Command Structure: What it’s Really Like to Take Part in Disaster Response

“To assist in the protection of life, the environment, and property;” as an emergency response professional, Dr. Paul Nony says these words resonate strongly with him.

Dr. Nony, senior toxicologist with CTEH®, has personally been to the sites of more than 100 major chemical incidents during his decade as a part of the CTEH® team.  He takes great pride in the CTEH® team’s knowledge and experience, and he is constantly working to be sure that potential clients and the general public understand exactly what role CTEH® plays in chemical and industrial accidents.

Dr. Nony, in a rare moment behind his desk.

Dr. Nony, in a rare moment behind his desk.

“We are charged with providing third-party environmental sampling in order to assist in the protection of the public and workers during chemical emergencies.  We do air, soil and water monitoring and contamination evaluation,” he explains.  “We generate data using sound scientific methodologies so all stake holders can get a rapid, timely evaluation of true impacts to environment in these incidents.”

Dr. Nony points out that everything CTEH® does during accidents must be approved by the U.S. Environmental Protection Agency (EPA) and appropriate state agencies – not simply the client who has hired them.  In fact, the CTEH® team works under a military-style “unified command” structure during major incidents, and its recommendations and plans must be approved through this command.

“We are a part of the National Incident Management System’s Incident Command System structure. The EPA trains agencies and responders on this system and then rolls them out,” Dr. Nony said.  “The unified command is made up of federal and state representatives, as well as Tribal representatives, if necessary, and the responsible party.  Decisions are made as a group, not by any one party.  The goal is to guarantee objectivity and transparency.”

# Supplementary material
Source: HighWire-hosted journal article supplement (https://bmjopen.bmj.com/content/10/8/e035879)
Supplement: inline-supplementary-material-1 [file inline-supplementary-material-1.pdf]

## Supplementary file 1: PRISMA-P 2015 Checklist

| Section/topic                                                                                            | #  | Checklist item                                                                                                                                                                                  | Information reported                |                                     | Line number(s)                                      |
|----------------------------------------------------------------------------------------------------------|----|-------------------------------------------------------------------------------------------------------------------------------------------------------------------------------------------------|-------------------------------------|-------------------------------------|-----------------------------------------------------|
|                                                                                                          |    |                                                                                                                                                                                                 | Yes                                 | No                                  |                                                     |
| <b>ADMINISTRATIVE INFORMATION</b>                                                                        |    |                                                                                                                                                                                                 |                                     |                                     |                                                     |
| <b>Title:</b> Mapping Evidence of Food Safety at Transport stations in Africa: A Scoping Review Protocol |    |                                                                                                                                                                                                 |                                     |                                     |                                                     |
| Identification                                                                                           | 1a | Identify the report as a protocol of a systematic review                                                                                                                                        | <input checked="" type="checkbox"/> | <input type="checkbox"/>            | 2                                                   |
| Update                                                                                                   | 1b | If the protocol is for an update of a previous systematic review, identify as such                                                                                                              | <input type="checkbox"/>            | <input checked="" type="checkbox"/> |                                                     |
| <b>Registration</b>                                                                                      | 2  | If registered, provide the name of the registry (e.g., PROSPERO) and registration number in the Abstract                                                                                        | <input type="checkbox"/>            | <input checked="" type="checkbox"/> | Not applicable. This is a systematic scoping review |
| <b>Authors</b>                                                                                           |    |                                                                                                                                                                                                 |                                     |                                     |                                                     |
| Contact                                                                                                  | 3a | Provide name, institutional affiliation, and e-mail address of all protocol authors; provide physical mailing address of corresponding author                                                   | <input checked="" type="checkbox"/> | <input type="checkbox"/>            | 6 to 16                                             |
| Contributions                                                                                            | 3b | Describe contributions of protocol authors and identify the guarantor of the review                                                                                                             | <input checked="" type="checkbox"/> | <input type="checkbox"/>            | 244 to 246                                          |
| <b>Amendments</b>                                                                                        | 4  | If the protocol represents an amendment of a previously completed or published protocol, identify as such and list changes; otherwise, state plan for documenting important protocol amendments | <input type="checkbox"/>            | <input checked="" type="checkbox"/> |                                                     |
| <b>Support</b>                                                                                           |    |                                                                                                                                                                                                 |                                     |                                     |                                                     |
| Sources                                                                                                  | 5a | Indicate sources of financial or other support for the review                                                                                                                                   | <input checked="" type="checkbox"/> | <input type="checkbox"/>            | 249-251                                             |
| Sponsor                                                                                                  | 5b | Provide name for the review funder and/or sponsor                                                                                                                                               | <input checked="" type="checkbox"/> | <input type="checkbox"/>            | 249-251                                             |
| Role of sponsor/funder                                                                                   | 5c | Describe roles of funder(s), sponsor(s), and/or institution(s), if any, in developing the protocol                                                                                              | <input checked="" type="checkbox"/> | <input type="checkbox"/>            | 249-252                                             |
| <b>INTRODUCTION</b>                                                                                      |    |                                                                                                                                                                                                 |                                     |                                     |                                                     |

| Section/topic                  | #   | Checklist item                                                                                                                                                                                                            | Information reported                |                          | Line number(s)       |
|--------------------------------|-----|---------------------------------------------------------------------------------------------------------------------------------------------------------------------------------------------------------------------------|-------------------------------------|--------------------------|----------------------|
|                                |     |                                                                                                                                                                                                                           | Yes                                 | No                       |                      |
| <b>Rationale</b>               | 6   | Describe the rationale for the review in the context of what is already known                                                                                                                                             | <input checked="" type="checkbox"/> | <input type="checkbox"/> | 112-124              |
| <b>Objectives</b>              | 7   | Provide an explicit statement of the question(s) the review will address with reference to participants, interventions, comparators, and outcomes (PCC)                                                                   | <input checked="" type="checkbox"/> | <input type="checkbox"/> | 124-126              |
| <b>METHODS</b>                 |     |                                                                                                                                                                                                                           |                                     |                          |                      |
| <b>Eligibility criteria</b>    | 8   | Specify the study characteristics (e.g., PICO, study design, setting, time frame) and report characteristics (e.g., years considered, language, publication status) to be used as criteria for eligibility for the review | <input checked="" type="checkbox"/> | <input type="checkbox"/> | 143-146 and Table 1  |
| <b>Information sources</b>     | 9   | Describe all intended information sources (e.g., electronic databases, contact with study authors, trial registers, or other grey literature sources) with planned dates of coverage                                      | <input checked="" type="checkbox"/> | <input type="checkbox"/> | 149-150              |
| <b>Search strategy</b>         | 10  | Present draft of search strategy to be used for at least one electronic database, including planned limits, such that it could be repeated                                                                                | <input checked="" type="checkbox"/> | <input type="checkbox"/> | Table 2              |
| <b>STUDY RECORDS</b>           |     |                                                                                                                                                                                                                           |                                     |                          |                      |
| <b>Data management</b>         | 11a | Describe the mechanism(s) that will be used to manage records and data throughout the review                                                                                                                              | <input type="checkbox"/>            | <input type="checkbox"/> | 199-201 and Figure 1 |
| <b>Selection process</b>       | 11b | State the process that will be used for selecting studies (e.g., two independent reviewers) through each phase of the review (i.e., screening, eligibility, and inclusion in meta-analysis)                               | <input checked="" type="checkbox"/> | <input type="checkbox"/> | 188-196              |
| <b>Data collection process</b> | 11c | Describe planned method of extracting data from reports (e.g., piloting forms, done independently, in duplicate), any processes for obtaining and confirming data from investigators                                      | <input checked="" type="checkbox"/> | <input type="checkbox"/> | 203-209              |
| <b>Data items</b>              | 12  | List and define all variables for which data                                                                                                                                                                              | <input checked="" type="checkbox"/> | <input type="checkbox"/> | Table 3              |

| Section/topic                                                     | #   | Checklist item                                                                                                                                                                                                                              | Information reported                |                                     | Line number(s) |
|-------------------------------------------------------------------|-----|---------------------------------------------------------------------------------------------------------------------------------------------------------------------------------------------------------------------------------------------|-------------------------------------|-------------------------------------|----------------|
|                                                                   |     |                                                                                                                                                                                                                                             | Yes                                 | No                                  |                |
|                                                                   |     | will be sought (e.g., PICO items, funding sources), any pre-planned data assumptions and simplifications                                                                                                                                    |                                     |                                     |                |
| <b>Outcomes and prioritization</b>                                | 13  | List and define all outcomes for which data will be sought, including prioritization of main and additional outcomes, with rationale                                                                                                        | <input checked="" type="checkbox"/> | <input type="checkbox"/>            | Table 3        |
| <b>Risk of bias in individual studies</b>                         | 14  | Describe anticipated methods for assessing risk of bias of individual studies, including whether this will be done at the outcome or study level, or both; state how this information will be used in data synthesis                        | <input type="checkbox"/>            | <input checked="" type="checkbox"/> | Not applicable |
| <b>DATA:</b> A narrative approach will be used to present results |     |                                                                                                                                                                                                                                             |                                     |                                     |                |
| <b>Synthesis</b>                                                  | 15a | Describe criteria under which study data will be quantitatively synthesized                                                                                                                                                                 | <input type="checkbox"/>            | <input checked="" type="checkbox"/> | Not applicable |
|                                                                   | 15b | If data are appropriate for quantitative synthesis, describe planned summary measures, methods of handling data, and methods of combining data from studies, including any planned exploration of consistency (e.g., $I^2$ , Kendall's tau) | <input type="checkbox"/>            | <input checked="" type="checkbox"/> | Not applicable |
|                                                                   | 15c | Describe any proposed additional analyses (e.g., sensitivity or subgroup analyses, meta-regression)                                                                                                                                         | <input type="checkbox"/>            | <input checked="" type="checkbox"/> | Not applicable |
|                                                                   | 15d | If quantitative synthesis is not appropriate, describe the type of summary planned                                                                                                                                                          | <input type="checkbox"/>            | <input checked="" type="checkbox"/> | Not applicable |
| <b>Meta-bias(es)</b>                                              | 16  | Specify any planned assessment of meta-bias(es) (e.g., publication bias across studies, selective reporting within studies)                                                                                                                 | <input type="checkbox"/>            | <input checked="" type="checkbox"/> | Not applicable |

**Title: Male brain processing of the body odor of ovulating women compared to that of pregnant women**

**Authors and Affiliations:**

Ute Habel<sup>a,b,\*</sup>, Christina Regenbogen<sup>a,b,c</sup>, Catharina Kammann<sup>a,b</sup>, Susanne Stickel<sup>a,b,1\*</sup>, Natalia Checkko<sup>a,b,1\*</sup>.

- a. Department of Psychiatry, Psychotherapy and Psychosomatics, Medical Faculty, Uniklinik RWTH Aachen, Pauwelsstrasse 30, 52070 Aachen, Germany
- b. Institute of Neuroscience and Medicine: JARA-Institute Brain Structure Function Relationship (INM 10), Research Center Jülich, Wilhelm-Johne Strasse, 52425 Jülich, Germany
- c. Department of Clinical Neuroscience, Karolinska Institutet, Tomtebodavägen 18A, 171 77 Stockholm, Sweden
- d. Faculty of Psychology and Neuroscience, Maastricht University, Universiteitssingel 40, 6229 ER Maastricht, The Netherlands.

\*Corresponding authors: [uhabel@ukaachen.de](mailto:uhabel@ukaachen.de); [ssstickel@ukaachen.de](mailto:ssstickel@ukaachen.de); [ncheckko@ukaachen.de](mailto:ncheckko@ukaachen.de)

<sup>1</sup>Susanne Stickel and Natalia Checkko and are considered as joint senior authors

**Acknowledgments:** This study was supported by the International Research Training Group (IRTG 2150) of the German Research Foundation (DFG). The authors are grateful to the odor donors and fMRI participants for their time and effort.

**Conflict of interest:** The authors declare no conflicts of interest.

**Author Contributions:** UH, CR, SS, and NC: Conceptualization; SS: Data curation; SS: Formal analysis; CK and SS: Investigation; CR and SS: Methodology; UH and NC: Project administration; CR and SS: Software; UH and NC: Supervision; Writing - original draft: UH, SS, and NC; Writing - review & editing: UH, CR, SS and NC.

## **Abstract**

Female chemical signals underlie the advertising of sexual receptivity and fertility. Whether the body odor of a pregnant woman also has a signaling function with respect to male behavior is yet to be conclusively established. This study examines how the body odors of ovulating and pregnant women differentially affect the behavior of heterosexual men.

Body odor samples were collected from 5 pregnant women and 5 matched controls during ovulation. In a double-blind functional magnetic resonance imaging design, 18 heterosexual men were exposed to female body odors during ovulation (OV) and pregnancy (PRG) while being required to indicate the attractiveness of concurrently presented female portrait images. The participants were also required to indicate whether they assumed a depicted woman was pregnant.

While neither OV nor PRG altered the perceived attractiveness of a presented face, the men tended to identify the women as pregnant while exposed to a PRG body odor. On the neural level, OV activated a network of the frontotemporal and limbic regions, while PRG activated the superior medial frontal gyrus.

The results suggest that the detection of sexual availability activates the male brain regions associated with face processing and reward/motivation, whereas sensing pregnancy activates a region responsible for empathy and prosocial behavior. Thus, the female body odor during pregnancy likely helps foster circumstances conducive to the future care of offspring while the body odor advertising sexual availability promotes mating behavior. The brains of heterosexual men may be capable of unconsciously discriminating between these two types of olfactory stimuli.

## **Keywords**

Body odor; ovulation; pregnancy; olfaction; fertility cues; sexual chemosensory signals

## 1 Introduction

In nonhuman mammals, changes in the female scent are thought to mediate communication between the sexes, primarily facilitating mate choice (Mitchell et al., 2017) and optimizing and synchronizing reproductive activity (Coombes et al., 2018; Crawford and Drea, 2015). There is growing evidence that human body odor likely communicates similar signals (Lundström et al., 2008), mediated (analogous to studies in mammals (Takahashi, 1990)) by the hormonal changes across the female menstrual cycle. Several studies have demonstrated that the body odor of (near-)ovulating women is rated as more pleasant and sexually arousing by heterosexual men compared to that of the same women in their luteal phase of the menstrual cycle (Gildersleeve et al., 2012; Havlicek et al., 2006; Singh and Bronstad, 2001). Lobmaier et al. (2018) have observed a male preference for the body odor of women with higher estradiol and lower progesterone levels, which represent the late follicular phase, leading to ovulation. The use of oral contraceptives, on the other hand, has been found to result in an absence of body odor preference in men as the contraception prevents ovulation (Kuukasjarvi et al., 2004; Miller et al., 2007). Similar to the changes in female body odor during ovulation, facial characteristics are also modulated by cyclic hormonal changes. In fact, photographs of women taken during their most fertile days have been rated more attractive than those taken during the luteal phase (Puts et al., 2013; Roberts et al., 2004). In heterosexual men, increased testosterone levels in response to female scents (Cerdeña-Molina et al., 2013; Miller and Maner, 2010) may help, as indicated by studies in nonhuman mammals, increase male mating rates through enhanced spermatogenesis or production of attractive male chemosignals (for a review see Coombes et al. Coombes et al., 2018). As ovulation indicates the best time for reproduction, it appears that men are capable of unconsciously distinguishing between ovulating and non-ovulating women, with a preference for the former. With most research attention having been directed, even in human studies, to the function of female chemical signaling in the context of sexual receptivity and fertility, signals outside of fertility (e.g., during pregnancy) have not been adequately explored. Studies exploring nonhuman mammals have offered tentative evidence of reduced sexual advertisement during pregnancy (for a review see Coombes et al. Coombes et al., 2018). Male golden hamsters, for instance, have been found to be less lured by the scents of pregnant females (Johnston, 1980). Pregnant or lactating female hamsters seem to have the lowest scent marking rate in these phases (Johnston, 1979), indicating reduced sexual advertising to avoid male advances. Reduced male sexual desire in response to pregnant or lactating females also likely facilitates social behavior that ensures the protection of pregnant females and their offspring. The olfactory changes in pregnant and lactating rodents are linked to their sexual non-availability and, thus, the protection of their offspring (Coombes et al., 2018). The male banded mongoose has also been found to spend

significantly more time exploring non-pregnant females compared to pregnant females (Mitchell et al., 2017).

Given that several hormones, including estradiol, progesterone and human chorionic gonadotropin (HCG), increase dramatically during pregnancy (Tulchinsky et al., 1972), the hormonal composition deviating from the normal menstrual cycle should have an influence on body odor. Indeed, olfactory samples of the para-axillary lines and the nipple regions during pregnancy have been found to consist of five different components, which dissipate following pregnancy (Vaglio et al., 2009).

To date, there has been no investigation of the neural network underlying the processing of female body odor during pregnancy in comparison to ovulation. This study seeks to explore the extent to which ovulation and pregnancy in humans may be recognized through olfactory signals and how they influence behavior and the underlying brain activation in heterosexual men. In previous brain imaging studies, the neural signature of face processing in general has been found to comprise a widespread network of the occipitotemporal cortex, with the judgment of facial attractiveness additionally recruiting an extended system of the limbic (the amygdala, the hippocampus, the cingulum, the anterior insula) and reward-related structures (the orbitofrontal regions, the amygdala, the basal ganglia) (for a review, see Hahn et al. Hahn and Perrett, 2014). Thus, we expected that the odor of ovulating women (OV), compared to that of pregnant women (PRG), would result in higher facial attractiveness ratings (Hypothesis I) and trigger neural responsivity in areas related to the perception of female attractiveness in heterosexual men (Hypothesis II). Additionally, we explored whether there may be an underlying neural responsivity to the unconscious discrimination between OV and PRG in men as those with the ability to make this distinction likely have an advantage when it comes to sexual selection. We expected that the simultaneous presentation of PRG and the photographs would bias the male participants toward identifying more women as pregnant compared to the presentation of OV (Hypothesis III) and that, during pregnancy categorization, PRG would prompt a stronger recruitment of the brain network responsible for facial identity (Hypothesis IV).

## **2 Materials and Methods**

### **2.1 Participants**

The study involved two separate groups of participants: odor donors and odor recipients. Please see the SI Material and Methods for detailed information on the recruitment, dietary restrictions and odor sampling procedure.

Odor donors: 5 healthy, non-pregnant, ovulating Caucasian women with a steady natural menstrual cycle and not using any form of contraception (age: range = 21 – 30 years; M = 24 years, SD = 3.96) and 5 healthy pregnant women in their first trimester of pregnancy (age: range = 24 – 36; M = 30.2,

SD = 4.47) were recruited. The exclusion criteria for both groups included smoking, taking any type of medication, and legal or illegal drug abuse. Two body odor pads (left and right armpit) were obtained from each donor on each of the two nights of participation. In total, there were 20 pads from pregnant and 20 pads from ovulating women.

Whether preparing for a drill or in a command center, Dr. Nony is usually on the move.

Whether preparing for a drill or in a command center, Dr. Nony is usually on the move.

The process of becoming a part of these incident teams is rigorous.  Regulators vet CTEH® and other responders on a regular basis, judging them on safety plans for workers, technology, attention to detail, and countless other factors.

“They see what we do and how we do it, and if they aren’t comfortable with us, they will tell the responsible party (in an incident) to hire someone else.”

In the next post, Dr. Nony will address the issues of safety at incident sites and transparency of information.